History Lives in the Buildings

We believe our house was built around 1850. Back then, rural France was much more densely populated. Balandière, had over 50 people living here within the memory of our oldest neighbours. It is now only 28 full time residents in 12 households. We had some cottages to the rear which were occupied by farm workers and pre-dates our house. Our neighbour Christine, can remember visiting her grandmother there, who apparently kept a moped in her living room!
Most people would have worked the land, and as we find out from photos and from clearing out cottages and outbuildings, it would have been a poor and hardworking life. However, Henry Marsac wasn’t an agricultural worker. He became a policeman and ultimately had a distinguished career.

Tucked behind our wonderful “marronnier” (Horse Chestnut) the house has had an interesting history. Fondly referred to as “la belle maison” by some locals, in its recent past, it had been divided in two by the Marsac brothers, Henry and Emile. Their names and other scribbles are etched into stone doorways and lintels around the property. Thanks to our neighbour John-Paul, who was born in the village, we have some wonderful photos of the Marsac family.

Marriage of Henry Marsac and Germaine, Balandière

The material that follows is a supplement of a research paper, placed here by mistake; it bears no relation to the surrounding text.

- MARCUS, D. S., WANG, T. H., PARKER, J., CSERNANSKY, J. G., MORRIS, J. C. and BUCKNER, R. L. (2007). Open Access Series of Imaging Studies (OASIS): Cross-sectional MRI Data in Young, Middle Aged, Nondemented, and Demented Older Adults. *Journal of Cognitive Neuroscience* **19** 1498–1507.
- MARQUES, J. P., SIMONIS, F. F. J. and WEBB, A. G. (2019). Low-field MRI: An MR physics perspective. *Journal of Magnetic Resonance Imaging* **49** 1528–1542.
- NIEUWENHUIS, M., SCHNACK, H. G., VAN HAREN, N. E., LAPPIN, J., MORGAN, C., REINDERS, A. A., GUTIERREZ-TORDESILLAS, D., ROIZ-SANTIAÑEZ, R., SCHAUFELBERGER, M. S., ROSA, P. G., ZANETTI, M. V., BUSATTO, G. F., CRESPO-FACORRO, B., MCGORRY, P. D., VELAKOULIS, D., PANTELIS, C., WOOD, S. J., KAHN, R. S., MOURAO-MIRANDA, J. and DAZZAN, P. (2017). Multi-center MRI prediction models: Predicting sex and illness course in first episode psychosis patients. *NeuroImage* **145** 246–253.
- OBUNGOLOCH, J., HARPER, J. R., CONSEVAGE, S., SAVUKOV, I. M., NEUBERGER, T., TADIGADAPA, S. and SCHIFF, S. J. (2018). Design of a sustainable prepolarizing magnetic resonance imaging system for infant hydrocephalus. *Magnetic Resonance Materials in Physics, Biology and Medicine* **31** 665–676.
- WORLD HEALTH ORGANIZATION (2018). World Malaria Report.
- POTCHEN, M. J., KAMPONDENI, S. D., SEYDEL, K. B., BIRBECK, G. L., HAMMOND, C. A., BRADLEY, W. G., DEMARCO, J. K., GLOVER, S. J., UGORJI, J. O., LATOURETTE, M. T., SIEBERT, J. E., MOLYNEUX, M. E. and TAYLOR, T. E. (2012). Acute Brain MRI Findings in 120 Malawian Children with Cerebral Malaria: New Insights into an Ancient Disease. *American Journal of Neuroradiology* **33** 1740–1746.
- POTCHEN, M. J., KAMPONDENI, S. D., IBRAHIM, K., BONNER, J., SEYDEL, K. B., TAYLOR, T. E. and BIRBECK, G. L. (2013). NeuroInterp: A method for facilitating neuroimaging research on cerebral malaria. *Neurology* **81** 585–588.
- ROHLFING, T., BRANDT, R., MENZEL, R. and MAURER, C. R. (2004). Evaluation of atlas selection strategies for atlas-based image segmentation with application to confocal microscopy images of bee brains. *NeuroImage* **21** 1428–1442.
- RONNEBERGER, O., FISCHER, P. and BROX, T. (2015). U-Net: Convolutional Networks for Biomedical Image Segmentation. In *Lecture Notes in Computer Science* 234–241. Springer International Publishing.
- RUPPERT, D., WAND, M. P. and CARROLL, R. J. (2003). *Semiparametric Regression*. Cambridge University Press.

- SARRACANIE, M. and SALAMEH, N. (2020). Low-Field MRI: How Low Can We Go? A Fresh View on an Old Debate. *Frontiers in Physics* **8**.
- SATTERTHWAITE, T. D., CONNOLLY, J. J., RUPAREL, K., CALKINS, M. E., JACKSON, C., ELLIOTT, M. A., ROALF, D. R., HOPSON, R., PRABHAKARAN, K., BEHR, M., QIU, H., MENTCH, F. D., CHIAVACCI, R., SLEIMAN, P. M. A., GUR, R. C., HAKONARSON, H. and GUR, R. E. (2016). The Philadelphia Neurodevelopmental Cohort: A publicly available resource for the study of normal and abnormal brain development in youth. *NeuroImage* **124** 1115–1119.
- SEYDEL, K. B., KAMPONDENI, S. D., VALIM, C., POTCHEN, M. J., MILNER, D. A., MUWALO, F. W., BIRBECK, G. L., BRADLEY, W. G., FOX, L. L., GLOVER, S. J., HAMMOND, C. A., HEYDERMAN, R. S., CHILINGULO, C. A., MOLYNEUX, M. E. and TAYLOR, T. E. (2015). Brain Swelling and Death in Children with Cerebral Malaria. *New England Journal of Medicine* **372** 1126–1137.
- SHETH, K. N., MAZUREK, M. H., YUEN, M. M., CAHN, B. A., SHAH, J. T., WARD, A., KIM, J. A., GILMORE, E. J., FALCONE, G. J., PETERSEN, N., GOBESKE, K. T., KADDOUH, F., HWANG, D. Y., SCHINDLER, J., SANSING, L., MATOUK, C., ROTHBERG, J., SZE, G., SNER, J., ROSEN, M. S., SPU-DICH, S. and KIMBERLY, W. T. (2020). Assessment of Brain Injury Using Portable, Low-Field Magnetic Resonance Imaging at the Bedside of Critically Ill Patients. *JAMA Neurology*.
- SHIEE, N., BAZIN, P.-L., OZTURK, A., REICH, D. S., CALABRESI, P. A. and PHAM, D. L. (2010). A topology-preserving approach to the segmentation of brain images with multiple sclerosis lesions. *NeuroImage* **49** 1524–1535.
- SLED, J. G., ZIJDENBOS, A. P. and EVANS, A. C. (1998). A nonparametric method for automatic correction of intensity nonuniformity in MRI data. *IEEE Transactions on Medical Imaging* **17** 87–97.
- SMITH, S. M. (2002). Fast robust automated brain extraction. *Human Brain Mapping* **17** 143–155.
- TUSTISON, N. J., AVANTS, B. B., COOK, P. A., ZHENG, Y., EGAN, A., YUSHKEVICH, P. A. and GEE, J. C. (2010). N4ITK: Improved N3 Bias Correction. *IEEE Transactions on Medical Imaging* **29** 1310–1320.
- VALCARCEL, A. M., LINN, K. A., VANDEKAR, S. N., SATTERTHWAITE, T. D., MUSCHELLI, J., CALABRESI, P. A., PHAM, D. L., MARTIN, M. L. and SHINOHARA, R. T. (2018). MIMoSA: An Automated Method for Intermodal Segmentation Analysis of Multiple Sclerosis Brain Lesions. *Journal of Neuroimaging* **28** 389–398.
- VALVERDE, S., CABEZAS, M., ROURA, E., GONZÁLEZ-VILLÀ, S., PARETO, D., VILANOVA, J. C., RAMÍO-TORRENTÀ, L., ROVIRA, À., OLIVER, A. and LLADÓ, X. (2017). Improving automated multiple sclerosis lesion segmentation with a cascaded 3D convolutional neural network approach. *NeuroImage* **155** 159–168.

Marriage of Henry Marsac and Germaine, Balandière. The wedding photo was taken in front of the barn.

The house underwent its most drastic transformation when the previous owners converted it back into a single family home. Unfortunately, circumstances changed for them and we turned up at just the right time to rescue it from its state of despair. Here is the house in an old picture showing a mysterious central chimney and no bathroom window. Most of the transformation was carried out by our predecessors, an English family, who brought the house back to life.

An old black & white photo of our house before it was converted back into a single family home
An old black & white photo of our house before it was converted back into a single family home

We have continued the restoration work, albeit slowly. The ivy has been replaced by a climbing rose and wysteria and the garden is no longer a jungle. However, It wasn’t until October 2005, that the facade finally had it’s facelift when the mason M. Moreau and his son arrived and worked solidly for one week and gave the house a new lease of life.

The house as it is in 2009.
The house, 2009.
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Author: Julia Moss

Hi, Thanks for looking at my profile. For work I manage our own websites about ski and mountains and tourism in France. For pleasure, I cook and like eating out, I enjoy gardening and growing my own veg and I sing in a choir. Restoring our French farmhouse is an ongoing labour of love.

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